A Realistic Path to Modernizing the Civil Service
Ten considerations for updating and improving government operations.
The 2020 presidential candidates are proposing a host of new ideas about the role and scope of the federal government. While Americans will have to grapple with these proposals in the coming months, an important issue is not being discussed: whether the federal government is capable of fulfilling its core responsibilities and helping the president implement the laws that the voters entrusted to him or her.
Without focusing on the existing capacity of the federal government to do its job, all of the presidential candidates’ policies and programs risk failure.
That is why we partnered to host a series of Civil Service Modernization Dialogues, inviting people from a range of organizations to think deeply about the causes of the government’s current dysfunction and what its cures might be. The result is what we are calling the 10 Considerations for Civil Service Modernization.
The 10 Considerations are based on a simple concept: defining the general approaches that most, if not all, stakeholders in the civil service modernization debate could coalesce around. We hope that our findings help the presidential candidates, Congress and the administration develop legislation and policies for a modernized civil service that is accountable, trustworthy, professional and equipped with the tools and resources required to meet our enormous national challenges.
The federal government employs 2.6 million civil servants, with a $4.4 trillion budget, touching Americans’ lives on a daily basis. But federal employees are mired in 19th and 20th century rules, regulations, business processes and technologies that greatly inhibit their ability to do their jobs. It takes months to do a simple hiring action or procure everyday products and services when in the private sector hiring can be done in a day and Amazon ships products the same day they’re ordered. And those are just the surface symptoms.
There are alarm bells ringing everywhere that the civil service is in deep distress. Future generations are shunning federal service—just 6% of the current workforce is under the age of 30—because they can find better employment at places that aren’t so bogged down in antiquated practices. The current workforce is forced to rely on archaic IT systems that are vulnerable to malicious cyberattacks and data systems that were state of the art when Apple introduced the Mac.
In an era when all other aspects of American life are being transformed by technological and economic innovation, public administration of the executive branch seems frozen in time.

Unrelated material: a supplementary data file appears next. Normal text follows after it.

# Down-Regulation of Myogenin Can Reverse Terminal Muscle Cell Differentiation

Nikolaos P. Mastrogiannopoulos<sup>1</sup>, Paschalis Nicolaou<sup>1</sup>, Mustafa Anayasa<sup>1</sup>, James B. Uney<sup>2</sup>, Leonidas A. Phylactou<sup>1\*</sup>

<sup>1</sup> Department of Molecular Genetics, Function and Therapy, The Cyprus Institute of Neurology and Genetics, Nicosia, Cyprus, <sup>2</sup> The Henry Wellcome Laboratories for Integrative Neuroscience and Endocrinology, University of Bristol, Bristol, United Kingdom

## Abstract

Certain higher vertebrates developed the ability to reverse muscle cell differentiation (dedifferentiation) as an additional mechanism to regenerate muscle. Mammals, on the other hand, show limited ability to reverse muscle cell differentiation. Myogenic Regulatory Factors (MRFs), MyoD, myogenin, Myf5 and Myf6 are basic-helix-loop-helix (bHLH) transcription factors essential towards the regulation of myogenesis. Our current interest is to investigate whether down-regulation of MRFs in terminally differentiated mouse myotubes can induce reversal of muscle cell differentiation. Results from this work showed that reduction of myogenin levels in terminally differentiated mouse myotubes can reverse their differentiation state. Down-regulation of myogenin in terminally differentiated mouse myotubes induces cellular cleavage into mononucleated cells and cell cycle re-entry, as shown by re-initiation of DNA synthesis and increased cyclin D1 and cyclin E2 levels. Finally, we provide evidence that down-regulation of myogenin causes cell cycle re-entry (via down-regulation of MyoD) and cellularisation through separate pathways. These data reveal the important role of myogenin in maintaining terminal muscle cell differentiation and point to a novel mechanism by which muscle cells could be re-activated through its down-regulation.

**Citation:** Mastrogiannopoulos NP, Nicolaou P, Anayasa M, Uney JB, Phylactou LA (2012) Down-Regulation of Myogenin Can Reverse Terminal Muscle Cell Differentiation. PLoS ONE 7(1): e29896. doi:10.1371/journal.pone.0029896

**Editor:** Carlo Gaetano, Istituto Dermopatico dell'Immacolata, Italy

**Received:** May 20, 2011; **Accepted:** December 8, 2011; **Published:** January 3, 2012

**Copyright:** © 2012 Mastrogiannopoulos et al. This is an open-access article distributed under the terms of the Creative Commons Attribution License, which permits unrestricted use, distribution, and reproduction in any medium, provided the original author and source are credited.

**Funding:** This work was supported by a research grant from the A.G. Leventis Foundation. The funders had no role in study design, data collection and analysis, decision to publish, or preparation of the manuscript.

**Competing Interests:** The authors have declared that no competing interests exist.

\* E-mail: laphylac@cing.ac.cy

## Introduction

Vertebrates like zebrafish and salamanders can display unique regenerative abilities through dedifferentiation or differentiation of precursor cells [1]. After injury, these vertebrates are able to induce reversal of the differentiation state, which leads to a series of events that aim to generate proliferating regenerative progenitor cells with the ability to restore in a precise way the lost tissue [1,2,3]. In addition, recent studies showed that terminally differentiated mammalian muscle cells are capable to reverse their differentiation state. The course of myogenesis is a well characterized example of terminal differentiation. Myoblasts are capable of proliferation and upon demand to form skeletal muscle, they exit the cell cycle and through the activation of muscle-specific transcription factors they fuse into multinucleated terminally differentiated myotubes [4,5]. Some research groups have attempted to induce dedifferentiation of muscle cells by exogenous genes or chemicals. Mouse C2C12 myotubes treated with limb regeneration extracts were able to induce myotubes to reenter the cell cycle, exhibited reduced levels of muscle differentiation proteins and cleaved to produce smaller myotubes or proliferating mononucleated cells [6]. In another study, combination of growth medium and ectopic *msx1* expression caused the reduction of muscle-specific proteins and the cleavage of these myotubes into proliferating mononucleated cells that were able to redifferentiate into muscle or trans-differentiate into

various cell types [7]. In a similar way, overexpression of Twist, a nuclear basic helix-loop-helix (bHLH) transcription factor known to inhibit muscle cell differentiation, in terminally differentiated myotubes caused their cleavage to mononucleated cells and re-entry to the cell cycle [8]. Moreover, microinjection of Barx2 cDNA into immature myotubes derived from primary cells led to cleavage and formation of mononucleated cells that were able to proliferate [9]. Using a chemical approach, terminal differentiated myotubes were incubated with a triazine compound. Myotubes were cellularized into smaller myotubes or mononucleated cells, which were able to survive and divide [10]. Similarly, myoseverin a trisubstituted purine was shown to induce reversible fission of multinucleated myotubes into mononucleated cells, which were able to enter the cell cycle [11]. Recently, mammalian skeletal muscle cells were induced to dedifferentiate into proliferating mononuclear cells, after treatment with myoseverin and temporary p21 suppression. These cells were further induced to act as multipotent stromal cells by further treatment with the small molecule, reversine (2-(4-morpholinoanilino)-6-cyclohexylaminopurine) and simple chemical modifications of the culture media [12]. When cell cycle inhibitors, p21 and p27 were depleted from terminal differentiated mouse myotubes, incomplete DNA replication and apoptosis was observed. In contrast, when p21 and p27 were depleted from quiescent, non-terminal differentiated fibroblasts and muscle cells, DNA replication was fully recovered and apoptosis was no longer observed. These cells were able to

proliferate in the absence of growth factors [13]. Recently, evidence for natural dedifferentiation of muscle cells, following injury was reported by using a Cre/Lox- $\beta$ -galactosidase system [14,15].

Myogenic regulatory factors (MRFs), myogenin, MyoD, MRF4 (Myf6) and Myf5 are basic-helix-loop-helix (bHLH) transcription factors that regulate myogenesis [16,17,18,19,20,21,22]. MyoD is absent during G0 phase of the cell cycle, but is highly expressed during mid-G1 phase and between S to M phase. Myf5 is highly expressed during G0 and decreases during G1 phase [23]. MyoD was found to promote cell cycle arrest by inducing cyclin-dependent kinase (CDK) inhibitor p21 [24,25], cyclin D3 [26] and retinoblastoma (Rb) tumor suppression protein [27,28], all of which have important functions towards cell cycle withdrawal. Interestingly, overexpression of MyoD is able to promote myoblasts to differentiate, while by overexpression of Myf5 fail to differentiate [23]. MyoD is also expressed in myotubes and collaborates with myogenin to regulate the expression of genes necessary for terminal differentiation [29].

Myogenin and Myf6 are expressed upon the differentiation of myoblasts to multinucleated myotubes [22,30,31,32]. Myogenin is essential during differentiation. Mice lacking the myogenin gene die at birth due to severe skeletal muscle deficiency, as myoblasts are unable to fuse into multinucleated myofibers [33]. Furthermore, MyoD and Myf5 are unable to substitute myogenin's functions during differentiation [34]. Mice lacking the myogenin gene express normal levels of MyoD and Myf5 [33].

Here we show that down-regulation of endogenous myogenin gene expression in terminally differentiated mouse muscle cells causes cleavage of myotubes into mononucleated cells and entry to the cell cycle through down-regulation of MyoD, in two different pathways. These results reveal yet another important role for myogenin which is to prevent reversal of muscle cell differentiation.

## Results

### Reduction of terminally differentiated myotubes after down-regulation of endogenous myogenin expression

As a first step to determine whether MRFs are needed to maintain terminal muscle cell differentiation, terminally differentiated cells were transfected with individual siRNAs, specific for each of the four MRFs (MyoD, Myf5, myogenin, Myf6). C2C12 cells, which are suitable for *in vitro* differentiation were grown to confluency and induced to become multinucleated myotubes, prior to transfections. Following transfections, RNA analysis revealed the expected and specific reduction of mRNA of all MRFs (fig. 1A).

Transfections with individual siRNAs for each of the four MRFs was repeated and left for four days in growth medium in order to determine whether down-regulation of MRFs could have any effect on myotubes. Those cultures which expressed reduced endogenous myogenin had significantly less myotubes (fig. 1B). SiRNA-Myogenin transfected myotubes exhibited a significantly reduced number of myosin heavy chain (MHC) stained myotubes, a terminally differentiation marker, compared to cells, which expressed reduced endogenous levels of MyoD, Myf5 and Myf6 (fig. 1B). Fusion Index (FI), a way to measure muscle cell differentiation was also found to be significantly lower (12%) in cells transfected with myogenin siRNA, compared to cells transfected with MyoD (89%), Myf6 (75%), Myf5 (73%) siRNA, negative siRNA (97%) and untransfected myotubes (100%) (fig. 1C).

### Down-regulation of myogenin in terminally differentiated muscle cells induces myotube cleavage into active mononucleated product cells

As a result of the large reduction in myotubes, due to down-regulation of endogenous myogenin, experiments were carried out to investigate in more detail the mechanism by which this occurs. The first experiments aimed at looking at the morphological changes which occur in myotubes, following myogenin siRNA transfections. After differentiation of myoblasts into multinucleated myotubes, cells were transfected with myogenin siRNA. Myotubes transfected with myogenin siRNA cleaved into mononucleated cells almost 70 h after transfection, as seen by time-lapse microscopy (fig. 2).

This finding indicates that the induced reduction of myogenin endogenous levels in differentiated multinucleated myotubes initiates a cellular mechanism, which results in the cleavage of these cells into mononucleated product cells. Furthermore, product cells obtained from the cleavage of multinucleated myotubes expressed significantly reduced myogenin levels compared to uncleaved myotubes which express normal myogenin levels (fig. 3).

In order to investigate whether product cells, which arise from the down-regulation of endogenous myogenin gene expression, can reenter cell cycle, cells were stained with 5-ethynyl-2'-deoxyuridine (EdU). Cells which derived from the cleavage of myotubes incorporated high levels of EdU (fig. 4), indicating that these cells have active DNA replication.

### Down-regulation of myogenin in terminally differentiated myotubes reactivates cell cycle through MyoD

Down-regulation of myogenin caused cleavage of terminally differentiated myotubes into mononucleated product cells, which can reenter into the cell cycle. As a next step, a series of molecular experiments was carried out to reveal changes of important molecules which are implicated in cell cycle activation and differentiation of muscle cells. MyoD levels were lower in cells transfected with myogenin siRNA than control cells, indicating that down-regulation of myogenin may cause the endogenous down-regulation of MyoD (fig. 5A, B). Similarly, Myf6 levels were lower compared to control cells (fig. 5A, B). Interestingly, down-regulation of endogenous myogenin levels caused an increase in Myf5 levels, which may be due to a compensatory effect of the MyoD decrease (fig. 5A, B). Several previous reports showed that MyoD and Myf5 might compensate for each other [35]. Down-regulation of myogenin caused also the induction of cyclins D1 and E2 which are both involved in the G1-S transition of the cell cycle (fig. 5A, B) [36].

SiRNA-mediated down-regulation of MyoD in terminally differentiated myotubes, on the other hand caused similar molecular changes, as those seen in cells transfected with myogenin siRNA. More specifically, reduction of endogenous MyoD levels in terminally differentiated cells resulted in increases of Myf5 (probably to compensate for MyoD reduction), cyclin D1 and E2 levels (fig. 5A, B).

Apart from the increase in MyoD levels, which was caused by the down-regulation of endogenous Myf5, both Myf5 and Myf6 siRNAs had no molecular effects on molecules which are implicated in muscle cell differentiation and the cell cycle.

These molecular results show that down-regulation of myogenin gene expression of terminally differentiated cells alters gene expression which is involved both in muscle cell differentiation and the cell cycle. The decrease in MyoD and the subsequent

It’s time to modernize our federal government—both in terms of the tools available to federal agencies to carry out the policies of elected leaders, and the methods available to agency leaders to manage the federal workforce.
The path to sustaining a professional and modern civil service is to challenge and encourage civil servants to do their best to accomplish the people’s will, incentivize creative and outstanding administration of taxpayer dollars, hold employees properly accountable when they fall short and equip them with the tools and resources they need to do their jobs.
This seems like a simple formula, but the current civil service modernization debate is deeply polarized. Entrenched interest groups fear losing something important to their stakeholders, whether it is jobs, funding or influence.
The 10 Considerations could break that logjam by focusing on three broad changes that benefit all stakeholders:
- Streamlining processes and promoting a cultural shift that enhances accountability in the workforce, including training supervisors to incentivize high performers and ensuring that poor performance is appropriately addressed.
- Simplifying administrative and regulatory processes that hinder the effective and efficient functioning of government, such as hiring and procurement processes.
- Reskilling and retraining the civil service workforce to ensure that federal employees have the resources and knowledge they require to effectively deliver mission results to the American taxpayer.
Ultimately, civil service modernization will be possible only if civil servants and the society they serve both bear burdens and see benefits. All-or-nothing approaches rooted in toxic political discourse will produce precisely nothing.
We should emulate President George H.W. Bush, who in his first days in office in 1989 took care to celebrate the “values of a professional civil service whose highest principle is one of patriotism, whose foremost commitment is to excellence, whose experience and expertise is in itself a national resource to be used and respected.”
Bill Valdez is president of the Senior Executives Association. Adam White is a resident scholar at the American Enterprise Institute.